Like said, these sound like Night Terrors and there is medication to help. I used to wake my Mom up, have her open her eyes and go back to sleep. I did this because, for me, if I wake up and don't open my eyes I can go back into the dream I was having. By having Mom open her eyes she was OK the rest of the night.

Night terrors come with Dementia. With heart failure he may not getting enough oxygen to his brain. Sleeping on the couch may not be a good thing either, unless a sofa bed.
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Reply to JoAnn29

Are you listed in his medical files as one that they can contact? HIPAA is very strict in what information can and can not be released. But there is no restriction on what YOU can tell his doctors. But if you are listed on the HIPAA form they might be able to tell you more.
If you are not listed you could ask your EX if you can be.
You could call or send a note to the doctor. Many doctors have a secure patient portal that you could use for this. Explain what you have witnessed. If your ex does not say that he is depressed there might not be much the doctors can do other than looking of other indicators and talking to him.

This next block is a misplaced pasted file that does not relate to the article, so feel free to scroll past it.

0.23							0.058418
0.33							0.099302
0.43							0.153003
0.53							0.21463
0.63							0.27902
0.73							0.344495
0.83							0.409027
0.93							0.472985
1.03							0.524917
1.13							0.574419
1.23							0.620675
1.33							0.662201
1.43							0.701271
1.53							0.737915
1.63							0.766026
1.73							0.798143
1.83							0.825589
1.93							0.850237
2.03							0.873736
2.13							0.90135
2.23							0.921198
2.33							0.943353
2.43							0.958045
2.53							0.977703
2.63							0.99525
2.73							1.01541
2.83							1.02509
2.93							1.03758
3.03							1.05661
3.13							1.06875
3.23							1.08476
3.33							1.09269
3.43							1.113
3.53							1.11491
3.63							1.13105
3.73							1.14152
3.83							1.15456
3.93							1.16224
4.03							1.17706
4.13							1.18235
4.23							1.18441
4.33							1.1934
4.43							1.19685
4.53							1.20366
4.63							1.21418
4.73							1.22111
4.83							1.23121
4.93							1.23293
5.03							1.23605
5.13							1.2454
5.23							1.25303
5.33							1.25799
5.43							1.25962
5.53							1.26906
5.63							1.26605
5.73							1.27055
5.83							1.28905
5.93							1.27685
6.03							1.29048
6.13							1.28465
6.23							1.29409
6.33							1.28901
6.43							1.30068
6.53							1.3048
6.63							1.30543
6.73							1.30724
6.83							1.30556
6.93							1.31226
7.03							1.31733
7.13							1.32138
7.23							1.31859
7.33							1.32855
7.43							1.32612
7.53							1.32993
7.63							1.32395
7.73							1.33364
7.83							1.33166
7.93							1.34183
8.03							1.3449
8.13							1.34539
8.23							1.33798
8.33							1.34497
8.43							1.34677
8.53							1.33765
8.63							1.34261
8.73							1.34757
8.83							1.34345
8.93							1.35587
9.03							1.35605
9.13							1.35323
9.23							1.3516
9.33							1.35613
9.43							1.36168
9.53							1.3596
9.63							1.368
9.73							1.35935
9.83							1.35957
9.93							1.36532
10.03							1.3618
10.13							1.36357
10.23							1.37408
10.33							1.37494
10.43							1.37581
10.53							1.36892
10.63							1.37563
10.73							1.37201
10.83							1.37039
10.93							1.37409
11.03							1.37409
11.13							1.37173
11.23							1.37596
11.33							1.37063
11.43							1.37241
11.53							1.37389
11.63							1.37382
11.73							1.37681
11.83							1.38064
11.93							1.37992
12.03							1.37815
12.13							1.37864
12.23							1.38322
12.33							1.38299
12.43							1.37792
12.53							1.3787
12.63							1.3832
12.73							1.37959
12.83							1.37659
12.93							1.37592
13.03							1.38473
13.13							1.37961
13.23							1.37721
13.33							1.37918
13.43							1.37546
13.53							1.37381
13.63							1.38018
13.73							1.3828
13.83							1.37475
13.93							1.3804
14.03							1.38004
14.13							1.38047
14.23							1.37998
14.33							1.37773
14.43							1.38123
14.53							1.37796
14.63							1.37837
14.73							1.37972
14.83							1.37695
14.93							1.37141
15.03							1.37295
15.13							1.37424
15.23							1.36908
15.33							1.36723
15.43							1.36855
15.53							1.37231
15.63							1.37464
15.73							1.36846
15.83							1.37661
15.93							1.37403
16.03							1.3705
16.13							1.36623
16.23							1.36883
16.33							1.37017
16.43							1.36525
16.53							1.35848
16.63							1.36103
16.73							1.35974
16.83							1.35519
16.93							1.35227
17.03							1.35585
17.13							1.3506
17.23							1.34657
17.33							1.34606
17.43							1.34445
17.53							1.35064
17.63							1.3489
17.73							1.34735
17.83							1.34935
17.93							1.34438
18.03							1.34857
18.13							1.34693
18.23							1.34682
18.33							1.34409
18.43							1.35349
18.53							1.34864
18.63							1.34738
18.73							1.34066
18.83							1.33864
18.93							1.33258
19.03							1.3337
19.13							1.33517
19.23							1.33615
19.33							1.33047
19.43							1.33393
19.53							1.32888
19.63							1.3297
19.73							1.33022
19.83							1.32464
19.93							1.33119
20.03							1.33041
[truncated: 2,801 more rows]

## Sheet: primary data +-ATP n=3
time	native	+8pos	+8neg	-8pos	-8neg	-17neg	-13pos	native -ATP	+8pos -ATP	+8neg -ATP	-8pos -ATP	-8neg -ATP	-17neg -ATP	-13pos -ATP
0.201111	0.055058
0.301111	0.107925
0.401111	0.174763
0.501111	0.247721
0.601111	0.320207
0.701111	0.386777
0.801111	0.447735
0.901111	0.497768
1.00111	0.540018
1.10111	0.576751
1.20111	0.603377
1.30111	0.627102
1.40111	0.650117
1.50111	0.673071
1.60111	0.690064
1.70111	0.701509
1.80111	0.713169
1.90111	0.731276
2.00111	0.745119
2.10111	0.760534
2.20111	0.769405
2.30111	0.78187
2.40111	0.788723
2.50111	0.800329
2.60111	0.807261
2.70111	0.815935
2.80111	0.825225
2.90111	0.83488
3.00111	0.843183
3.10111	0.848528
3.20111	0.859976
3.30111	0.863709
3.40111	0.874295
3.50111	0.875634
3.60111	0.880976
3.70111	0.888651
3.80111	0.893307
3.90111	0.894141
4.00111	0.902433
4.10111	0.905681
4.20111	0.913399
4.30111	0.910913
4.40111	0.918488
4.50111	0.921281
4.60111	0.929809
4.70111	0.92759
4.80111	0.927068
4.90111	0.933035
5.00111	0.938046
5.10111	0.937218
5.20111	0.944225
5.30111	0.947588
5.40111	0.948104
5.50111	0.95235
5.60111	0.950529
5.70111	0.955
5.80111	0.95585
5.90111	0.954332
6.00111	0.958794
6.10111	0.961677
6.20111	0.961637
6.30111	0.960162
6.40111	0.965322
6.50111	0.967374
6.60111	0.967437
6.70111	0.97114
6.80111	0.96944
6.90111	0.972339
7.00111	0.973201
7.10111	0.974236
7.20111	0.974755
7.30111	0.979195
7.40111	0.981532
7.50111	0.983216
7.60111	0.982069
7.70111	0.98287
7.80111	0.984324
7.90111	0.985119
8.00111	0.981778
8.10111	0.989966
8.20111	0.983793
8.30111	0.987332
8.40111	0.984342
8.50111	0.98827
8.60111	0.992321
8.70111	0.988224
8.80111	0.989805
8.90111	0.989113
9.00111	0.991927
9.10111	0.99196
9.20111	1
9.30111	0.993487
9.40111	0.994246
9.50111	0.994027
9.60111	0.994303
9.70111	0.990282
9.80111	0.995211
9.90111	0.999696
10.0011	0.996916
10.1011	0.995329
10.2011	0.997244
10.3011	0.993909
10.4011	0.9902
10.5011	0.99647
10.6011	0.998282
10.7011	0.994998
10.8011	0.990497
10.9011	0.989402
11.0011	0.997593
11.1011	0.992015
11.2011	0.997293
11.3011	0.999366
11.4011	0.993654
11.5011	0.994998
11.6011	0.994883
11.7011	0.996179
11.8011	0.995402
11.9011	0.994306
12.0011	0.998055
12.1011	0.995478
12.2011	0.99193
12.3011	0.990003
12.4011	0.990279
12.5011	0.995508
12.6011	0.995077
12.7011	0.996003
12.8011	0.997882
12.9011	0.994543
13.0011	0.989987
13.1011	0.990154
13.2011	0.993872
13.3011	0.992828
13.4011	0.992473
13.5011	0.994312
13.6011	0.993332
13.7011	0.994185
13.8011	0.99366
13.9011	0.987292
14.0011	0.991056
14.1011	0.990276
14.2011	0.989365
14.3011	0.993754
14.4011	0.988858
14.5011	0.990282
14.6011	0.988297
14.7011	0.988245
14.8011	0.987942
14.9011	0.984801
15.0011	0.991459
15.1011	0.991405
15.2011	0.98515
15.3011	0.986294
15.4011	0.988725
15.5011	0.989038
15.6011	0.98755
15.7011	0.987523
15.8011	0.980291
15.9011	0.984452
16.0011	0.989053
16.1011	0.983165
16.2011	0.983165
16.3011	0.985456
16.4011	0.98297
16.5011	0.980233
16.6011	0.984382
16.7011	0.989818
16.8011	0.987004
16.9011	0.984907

Many people see "depression" as a weakness. Many people also do not want to "share" and talk about problems I think men in particular have a problem with opening up.
I do hope you can get through to his doctors about your concerns.
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Reply to Grandma1954

First, you are a very kind ex-wife. You are proof once again that not all exes have to be nasty to each other. Your ex-husband is VERY to have you in his life.

RE his issues, I agree with others that you should report to his docs or family members what you witness, but be aware that they do not have to tell you about him because you are not his PoA for healthcare. Do not be offended. The law prevents them from talking to you.

I also agree that he should be evaluated for neurological issues. My husband who has dementia talks and moves his hands and arms in his sleep, but that does not mean your ex has dementia. The doc can determine that with tests. It could be his other meds are causing this strange behaviors in his sleep, so ask the doc too.
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Reply to Worriedspouse

Stress, sleep deprivation, sleep-disordered breathing all can cause night terrors.

Your ex has CHF, which likely means his breathing during sleep is disordered. He may benefit from using a CPAP machine. The keyword there is *using*. Too many CPAPs are prescribed and never used.

Sleeping on a sofa is usually not ideal for anyone. Look into getting him a futon or daybed.

Your ex's son died suddenly. Such stress is inconceivable to anyone whose been fortunate to have it not happen. Your ex may not be adapting to the death of his son, and he may be experiencing complicated grief.